When Martin Luther King, Jr. delivered his final speech on April 3, 1968 – a speech in which he urged support for the labor strike of Memphis, Tennessee’s African American sanitation workers – he spoke candidly about having received death threats prior to his arrival in Memphis. Because of the threats, King told his audience, the plane upon which he arrived had to be (according to the pilot) “‘protected and guarded all night,’” and the bags of the other passengers on his plane subjected to heightened security checks.
“I got into Memphis,” King continued,
“And some began to say the threats, or talk about the threats that were out, or what would happen to me from some of our sick white brothers.
Well, I don’t know what will happen now; we’ve got some difficult days ahead. But it really doesn’t matter to me now, because I’ve been to the mountaintop. And I don’t mind. Like anybody, I would like to live a long life—longevity has its place. But I’m not concerned about that now. I just want to do God’s will. And He’s allowed me to go up to the mountain. And I’ve looked over, and I’ve seen the Promised Land. I may not get there with you. But I want you to know tonight, that we, as a people, will get to the Promised Land. And so I’m happy tonight; I’m not worried about anything; I’m not fearing any man. Mine eyes have seen the glory of the coming of the Lord.”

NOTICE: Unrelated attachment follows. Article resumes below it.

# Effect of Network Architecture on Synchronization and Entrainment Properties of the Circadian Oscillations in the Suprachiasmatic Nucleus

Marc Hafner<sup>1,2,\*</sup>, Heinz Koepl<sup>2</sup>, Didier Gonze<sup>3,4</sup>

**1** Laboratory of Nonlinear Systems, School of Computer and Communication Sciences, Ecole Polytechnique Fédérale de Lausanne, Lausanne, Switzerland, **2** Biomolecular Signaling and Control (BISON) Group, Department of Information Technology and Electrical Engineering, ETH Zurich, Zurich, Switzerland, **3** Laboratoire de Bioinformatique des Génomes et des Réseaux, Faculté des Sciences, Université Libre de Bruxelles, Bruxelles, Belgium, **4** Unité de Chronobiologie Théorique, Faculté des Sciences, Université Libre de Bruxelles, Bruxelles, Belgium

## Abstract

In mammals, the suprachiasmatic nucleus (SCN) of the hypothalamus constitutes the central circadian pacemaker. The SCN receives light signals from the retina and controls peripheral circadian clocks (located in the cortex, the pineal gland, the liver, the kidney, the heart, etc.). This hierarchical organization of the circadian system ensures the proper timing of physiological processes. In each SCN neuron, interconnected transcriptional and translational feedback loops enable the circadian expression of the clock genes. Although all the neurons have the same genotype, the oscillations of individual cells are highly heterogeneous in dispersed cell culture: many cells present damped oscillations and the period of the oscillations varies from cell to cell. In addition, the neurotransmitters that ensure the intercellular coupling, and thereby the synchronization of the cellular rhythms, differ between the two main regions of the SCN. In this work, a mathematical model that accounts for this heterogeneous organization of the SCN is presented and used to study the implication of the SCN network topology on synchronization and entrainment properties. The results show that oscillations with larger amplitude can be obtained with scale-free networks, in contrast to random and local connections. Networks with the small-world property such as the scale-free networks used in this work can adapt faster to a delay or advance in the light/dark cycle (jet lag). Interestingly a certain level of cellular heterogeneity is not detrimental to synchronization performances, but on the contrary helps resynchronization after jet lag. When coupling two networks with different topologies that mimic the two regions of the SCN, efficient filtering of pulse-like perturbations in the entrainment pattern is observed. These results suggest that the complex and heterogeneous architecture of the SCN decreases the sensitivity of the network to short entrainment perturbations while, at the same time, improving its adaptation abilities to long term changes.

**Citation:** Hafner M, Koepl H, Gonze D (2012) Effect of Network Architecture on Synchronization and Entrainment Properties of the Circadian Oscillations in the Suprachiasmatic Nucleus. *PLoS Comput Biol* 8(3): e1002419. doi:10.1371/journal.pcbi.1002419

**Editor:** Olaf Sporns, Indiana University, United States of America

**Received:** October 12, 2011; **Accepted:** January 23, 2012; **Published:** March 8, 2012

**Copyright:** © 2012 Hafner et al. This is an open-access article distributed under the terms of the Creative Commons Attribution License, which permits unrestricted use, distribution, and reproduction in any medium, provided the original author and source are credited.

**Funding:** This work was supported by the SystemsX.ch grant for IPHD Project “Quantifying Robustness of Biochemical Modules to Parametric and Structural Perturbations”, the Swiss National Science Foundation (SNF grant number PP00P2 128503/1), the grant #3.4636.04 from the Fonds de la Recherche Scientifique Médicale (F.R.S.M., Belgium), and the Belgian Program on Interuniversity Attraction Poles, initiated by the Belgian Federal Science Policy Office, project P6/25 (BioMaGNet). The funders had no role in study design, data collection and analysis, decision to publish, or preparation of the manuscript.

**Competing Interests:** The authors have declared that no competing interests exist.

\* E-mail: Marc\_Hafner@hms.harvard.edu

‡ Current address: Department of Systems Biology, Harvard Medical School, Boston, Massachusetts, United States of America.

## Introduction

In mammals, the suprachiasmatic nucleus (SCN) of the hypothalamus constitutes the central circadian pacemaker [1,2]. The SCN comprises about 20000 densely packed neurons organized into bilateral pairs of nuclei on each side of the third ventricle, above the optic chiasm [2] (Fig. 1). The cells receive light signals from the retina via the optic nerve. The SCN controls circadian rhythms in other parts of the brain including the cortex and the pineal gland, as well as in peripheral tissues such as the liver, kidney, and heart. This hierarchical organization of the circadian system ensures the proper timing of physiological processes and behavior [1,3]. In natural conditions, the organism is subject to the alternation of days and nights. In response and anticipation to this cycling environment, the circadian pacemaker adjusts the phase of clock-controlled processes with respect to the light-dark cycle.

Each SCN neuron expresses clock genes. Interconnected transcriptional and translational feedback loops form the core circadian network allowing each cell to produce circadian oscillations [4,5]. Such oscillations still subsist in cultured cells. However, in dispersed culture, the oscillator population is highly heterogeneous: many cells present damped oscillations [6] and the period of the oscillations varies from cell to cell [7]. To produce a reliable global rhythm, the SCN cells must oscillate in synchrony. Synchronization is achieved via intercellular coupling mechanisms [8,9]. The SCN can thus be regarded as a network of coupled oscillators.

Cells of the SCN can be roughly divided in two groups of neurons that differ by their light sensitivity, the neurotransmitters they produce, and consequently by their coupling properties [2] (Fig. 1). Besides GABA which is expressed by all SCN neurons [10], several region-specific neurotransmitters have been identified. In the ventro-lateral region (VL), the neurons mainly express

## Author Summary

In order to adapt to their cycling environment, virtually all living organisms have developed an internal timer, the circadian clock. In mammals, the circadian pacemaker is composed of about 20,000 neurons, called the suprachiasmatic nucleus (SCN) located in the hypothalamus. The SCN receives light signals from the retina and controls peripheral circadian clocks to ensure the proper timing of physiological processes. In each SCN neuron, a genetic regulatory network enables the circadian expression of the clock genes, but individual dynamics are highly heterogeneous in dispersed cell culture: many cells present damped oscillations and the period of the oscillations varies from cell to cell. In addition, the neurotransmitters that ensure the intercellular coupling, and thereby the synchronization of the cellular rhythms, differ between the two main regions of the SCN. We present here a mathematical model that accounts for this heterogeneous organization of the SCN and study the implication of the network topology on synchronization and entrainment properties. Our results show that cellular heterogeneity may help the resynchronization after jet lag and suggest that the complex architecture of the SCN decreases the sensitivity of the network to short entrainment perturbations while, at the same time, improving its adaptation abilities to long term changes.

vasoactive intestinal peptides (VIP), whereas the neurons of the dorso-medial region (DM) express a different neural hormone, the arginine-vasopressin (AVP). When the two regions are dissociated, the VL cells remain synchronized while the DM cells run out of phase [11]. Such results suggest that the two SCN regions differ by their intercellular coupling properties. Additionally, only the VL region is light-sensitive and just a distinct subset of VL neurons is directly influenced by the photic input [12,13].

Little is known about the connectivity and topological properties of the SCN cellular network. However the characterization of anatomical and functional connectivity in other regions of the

What was significant about this speech, and this moment, was not – as many have speculated –that King had some kind of sixth sense about his impending assassination. Instead, what made this moment important was that King modeled the capacity we all have to transform into a source of power our physical vulnerability to others’ violence; to claim as “our” brothers and sisters those who want to harm us and, in the process, to recognize their need for healing; and, to let go of our attachment to “longevity” – indeed, to our fear of death – precisely because these attachments keep us from seeing, and erecting, our vision of a better society.
King was not special. He was just a man, one who decided that he would not let his vulnerability distort his vision, turn him against others, and compromise his highest ideals and deeply held beliefs. He died for them, yes. But he also lived for them.
The “current threat of terrorism,” wrote Leela Fernandes in Transforming Feminist Practice, “is a real one and the fear which people feel is also real.” Consequently, “if progressive activist-thinkers gloss over this reality they will not be able to reach a wider public base.” The “difficulty,” Fernades continued, “is to provide a courageous alternative at precisely the point where individuals feel their own personal safety is at risk, for it is usually at this point of perceived vulnerability that we are most willing to put up our fences, lash out at others and forsake our deepest ideals.” Indeed, the “question of security poses the deepest possible spiritual challenge to individuals, communities and nations – for it is an area which has created the most distortion around the meaning of self-preservation. From a spiritual perspective, any act that causes harm to another can never ultimately be an act of self-preservation.”